- Structural Analysis : Merz Kley Partner
- Building Physics & Construction Ecology : IBO - Österreichisches Institut für Baubiologie und Bauököloge (Verein) und IBO GmbH
- Technical Support In Building Physics & Energy Concept : Donau-Universität Krems
- Main Contractor Timber Construction : Kaspar Greber
- Building Physics : Donau-Universität Krems
- Construction Ecology : IBO - Österreichisches Institut für Baubiologie und Bauököloge (Verein) und IBO GmbH
- Energy Concept : Donau-Universität Krems
- Main Contractor (Timber Construction) : Kaspar Greber
- City : Pressbaum
- Country : Austria
Text description provided by the architects. The Velux Sunlighthouse in Pressbaum near Vienna is the first co²-neutral single-family-house in Austria. It was completed end of October 2010. The project was launched about two years ago by the Velux company as a part of their Pan European experiment, the so called “model home 2020” project. The goal is to develop, build and analyze six different houses in five European countries, each following its own approach to progressive and sustainable building and living.
The challenge of the Austrian model home was to create a house that taps the full potential of the plot (like the wonderful views, exposure to the sunlight, maximum of privacy between the existing houses, …) on one hand and to develop an energy and ecology concept to erase the ecological footprint of the house within the next thirty years on the other hand. What distinguishes this project from many ambitious preceding projects is the need and wish to combine minimized numerical values for energy efficiency with ambitious architecture.
Fortunately the clients had chosen an anything but ideal plot for the Austrian model home. It is a slender and long piece of land that declines towards a beautiful (but shading) wood with high trees in the Southeast. The plot is flanked by a dense hedge in the Northeast and a high wall in the Southwest. The two close situated neighboring houses on both sides leave just a little scope for privacy in between. The wonderful view to the lake which is situated in the valley in the East can only be caught by getting a step deeper into the ground. In short: A design concept that uses a maximum of the potential that the plot offers had to be more than a lip service, if the ambitious targets were supposed to be accomplished. This makes the results of the project even more precious as affordable plots in a mountainous country like Austria rarely offer ideal conditions.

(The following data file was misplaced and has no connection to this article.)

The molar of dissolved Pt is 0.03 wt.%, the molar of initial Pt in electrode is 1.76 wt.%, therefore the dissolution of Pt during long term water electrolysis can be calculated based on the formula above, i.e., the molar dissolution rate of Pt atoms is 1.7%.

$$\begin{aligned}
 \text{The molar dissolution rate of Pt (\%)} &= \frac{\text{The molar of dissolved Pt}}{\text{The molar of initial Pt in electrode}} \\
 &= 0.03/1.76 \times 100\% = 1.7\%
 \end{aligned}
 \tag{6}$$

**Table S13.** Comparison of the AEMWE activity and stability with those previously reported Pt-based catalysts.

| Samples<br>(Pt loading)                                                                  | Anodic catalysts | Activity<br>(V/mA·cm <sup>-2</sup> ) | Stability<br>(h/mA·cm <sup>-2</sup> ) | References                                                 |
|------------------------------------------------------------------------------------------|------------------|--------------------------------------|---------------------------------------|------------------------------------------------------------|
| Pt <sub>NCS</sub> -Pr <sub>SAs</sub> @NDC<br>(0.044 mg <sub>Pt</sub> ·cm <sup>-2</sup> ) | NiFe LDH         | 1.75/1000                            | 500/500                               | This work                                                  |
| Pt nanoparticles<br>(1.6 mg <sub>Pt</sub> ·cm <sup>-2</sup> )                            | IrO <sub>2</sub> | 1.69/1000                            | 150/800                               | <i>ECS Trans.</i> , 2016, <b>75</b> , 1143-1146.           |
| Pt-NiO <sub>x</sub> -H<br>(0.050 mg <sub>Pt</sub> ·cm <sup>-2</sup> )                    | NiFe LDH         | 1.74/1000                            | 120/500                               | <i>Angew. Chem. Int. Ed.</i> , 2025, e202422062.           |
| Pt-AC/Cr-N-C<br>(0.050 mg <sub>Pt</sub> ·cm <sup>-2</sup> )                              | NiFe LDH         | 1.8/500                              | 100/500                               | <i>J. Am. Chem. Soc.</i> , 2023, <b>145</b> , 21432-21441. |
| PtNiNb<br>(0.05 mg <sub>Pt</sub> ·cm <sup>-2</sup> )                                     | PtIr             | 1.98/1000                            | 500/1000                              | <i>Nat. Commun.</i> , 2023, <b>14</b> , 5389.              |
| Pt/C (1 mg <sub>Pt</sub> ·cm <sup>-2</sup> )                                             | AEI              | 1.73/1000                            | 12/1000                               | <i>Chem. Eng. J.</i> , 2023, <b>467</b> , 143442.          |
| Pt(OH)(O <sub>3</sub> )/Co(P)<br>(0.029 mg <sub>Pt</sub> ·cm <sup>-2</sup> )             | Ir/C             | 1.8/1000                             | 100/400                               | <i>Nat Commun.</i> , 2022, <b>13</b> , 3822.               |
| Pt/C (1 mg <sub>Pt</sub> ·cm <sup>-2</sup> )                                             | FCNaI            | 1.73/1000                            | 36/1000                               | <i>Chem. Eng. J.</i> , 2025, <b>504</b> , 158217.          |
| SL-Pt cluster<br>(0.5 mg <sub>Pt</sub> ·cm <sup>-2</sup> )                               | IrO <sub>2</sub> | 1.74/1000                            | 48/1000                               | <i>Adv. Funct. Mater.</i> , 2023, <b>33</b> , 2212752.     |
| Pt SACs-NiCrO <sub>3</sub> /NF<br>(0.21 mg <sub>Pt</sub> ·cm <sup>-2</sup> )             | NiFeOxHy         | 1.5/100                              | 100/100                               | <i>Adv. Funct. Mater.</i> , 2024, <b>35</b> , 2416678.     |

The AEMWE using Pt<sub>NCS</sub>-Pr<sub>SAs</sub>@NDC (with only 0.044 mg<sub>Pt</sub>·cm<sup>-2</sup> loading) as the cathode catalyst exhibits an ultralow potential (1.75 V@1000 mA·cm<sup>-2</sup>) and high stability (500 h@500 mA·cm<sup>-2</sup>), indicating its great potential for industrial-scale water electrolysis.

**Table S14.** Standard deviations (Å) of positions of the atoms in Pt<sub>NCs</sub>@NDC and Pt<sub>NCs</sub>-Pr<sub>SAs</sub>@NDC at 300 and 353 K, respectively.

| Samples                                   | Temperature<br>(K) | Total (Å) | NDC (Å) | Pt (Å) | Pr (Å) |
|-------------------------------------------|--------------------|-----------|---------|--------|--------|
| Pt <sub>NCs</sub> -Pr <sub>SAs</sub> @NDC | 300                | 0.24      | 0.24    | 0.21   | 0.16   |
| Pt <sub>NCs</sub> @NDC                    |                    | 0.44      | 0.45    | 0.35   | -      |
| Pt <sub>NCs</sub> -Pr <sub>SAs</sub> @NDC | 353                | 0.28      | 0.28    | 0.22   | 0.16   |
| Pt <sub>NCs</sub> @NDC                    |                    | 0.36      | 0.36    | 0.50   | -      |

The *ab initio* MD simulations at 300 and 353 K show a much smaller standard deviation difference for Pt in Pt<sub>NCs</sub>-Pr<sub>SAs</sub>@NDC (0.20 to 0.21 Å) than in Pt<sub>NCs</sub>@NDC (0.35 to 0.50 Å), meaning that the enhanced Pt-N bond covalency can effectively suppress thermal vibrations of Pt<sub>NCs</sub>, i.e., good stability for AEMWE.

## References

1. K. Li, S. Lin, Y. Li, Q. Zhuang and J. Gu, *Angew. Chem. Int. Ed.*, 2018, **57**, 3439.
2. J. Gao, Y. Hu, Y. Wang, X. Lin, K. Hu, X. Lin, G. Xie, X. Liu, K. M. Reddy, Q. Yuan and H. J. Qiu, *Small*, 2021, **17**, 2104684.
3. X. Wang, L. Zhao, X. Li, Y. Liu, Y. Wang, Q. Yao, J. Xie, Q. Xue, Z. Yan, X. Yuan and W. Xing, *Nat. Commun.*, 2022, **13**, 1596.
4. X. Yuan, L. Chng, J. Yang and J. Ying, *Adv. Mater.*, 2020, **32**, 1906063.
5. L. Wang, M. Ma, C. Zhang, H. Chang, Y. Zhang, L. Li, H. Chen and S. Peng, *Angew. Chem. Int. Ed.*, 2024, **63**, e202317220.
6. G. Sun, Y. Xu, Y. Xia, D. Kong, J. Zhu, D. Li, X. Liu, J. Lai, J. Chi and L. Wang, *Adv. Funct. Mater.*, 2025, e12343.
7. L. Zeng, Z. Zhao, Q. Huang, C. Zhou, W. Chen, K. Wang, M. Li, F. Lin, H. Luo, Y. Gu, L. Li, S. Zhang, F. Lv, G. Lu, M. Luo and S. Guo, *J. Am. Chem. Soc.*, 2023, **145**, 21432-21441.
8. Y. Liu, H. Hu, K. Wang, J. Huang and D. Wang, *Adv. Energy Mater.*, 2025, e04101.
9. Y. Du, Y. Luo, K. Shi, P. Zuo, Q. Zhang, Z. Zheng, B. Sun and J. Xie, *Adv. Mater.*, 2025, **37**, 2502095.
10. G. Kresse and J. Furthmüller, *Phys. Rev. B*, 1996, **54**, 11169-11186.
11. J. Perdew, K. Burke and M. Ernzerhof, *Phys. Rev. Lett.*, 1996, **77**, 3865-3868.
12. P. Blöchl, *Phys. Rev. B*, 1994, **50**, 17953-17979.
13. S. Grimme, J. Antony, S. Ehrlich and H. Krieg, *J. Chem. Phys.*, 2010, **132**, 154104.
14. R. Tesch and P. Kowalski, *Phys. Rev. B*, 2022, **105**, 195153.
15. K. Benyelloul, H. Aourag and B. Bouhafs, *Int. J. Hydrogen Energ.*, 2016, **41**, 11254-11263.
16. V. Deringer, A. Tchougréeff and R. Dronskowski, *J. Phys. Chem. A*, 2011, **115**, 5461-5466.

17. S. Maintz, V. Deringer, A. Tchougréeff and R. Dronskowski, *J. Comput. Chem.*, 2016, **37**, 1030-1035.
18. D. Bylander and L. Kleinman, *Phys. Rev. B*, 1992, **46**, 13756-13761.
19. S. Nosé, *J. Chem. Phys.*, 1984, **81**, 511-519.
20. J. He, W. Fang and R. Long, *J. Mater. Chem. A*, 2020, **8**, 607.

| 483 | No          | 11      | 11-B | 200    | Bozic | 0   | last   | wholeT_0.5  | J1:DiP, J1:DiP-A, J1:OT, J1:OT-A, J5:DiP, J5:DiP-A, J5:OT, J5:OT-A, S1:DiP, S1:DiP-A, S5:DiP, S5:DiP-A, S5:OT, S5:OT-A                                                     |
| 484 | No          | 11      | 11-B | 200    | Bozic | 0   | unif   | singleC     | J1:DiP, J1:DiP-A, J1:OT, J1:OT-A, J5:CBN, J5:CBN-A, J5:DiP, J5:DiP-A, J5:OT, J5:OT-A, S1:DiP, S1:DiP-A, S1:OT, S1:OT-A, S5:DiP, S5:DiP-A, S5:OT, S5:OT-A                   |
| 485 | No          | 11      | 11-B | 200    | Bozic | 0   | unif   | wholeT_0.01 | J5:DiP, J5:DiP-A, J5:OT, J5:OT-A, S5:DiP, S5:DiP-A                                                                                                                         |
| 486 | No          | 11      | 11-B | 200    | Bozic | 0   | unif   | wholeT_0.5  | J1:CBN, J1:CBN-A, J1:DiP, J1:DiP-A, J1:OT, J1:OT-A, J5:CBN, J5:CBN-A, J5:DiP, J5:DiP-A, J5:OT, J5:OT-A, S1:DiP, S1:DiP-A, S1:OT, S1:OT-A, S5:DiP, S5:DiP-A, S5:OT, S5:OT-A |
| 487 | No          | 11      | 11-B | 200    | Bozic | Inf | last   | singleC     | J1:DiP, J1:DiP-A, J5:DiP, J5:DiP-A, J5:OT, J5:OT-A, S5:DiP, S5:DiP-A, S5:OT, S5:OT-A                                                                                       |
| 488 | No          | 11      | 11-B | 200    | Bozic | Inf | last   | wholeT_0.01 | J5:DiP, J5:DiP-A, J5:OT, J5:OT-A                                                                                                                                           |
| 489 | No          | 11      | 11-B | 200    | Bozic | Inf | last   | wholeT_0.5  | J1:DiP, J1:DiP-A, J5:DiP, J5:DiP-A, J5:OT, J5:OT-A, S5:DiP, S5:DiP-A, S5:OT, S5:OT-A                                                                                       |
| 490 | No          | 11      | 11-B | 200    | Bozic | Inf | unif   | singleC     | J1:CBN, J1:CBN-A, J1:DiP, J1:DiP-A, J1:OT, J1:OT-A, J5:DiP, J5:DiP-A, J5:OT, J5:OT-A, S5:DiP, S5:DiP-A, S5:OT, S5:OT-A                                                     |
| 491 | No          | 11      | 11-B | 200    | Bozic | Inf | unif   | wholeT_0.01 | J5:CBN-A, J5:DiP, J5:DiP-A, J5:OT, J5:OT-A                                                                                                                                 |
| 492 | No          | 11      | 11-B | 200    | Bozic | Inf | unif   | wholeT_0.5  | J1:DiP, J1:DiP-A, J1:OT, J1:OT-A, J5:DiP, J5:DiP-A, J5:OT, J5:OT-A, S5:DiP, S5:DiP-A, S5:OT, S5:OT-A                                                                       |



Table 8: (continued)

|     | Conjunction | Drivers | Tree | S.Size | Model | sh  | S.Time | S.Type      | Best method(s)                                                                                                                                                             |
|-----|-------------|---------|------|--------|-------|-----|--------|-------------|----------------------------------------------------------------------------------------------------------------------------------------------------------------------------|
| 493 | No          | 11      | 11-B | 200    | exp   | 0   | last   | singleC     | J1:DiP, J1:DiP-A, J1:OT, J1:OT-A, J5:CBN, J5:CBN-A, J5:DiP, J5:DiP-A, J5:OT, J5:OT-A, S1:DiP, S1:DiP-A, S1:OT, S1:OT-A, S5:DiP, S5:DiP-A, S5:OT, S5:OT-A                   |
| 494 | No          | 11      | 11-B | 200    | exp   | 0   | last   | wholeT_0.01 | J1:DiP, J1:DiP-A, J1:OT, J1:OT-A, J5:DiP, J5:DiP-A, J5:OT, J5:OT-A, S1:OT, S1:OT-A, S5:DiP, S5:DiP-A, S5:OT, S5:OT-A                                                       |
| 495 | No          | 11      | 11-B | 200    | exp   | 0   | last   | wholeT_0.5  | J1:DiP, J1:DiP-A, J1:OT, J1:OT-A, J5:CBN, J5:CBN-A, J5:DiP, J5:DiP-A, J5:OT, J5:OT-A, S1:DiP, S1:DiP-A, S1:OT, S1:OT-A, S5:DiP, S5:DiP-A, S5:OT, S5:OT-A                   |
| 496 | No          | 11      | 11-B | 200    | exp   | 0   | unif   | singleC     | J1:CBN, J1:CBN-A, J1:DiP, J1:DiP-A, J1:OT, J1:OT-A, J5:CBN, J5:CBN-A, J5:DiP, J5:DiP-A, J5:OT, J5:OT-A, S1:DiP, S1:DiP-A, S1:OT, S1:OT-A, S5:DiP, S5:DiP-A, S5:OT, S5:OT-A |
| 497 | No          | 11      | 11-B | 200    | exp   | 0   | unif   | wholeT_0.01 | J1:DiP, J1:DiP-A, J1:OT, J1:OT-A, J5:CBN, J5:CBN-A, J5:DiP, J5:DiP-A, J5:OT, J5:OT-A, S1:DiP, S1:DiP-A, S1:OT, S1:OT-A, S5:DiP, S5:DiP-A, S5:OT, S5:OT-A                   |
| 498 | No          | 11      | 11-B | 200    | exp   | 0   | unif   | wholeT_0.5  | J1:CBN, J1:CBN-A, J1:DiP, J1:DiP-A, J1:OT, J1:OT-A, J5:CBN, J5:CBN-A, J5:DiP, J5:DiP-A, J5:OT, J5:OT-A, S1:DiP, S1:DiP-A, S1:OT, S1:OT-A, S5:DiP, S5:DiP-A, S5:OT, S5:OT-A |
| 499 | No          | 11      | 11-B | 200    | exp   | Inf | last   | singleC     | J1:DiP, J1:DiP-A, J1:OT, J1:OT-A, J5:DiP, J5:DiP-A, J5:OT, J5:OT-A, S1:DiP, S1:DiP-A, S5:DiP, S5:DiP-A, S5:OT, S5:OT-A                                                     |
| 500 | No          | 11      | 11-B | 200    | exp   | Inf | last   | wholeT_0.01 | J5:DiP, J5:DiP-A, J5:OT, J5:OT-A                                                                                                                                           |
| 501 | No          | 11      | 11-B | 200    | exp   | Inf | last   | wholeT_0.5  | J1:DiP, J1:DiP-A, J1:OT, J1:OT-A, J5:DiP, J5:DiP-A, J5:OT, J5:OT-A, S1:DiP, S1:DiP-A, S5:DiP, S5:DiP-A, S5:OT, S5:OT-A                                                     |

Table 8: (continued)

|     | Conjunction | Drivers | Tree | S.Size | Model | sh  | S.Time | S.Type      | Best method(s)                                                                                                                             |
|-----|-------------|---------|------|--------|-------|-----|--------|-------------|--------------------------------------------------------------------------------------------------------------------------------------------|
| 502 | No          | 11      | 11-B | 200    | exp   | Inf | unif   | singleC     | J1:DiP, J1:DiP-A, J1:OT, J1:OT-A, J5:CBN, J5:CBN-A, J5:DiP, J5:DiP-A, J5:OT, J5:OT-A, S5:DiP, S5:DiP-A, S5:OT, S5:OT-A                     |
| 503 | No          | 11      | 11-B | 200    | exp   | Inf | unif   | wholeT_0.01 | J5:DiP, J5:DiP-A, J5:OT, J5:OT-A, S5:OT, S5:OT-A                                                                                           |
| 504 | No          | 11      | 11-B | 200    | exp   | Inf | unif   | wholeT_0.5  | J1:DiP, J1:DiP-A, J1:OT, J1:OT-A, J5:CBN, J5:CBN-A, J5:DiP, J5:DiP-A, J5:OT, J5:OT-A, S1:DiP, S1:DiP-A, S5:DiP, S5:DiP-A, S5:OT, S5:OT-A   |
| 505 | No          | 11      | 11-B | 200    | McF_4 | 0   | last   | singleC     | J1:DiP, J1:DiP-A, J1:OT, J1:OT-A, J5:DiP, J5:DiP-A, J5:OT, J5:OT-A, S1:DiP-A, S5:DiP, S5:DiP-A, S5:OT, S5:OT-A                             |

The energy concept of the building was developed in collaboration with the Danube University of Krems. The building equipment includes a high performing heat pump, 48 m² mono crystalline photovoltaic roof panels, 9 m² thermal solar panels for hot water and a controlled air system with heat recovery. The heat insulation of the shell surface of the house is optimized and the windows fulfill passive house requirements. A (in Austria) so far disregarded demand was to obtain a maximum of daylight to lower the energy consume for artificial light. The reached daylight factor in every single room is on average five times higher than the usual standard. The roof and facade windows were strategically positioned to provide stunning views, to maximize passive solar energy, to enable an optimal, natural ventilation during summer time and to minimize the thermal losses during winter time. In fact the Sunlighthouse’s total window area is equal to 42% of its floor area. Like the outside planking, the interior fitting is made of spruce wood. To keep the wooden surface bright and avoid darkening, it was treated with white pigmented natural oil.
All materials had to be evaluated by their ecological qualities before they were authorized to use. The Austrian Institute for Construction Biology and Ecology (IBO) also benchmarked the co² valuation of every assembled material. Using locally grown and processed wood as main material to optimize the co² values are self-explanatory, but as the building is positioned in a hill it was also necessary to use concrete for all the grounding construction elements. Instead of ordinary Portland cement (which shows a quite poor co² balance) blast-furmace-slag, a spin-off product from steel production with extremely low co² output, was used to mix the concrete. The applied insulation material is sheep wool and recycled cellulose.
In the end the goal was accomplished. The Sunlighthouse will produce more energy than the building and using of the house consumes, which makes it a small “power station” and a beacon project for further conscious and sustainable planning and building.